Hans Andersen wrote many stories, and these are some of the best. We meet a very, very small child, a bird with a beautiful voice, a mermaid with legs, an ugly duckling with no friends – and an emperor with some very strange new clothes. These stories teach us lessons for life.
The tale has its source in a Scandinavian folk tale Andersen learned in his childhood, but similarities with Aladdin and the Wonderful Lamp and other tales have been noted. The story was one of Andersen's first fairy tales, and was published on 8 May 1835.
The relationship between a daring young chamois hunter from the remote Bernese Oberland and a prosperous miller’s daughter living in the comfortable French-speaking Swiss canton of Vaud plays out a complex of themes, such as the instinctive life versus rational civilization and the role of early experience in shaping personal destiny, in this dark and affecting Hans Christian Andersen adult novella.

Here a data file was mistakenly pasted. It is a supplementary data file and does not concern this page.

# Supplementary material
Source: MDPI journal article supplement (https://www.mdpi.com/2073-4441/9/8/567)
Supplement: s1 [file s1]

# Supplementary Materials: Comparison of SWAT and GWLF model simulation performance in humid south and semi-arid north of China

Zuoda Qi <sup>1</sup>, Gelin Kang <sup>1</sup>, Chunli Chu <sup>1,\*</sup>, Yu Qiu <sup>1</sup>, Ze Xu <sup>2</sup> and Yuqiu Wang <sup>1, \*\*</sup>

In the terrifying Ice Virgin and her eerie minions, with their implacable hatred of mankind, we get a glimpse of the fairy tale Andersen. But The Ice Virgin, the most disturbing, ambitious, and searching of all of Andersen’s narratives, is also a thoroughly absorbing story of the real world. Andersen here is writing about a world he saw as something of a paradigm of the human condition, and this lies behind the story’s multilayered complexity.
This splendid new translation by Paul Binding and his erudite and comprehensive afterword together make a compelling case for just why The Ice Virgin deserves to be placed in the first rank of world literature.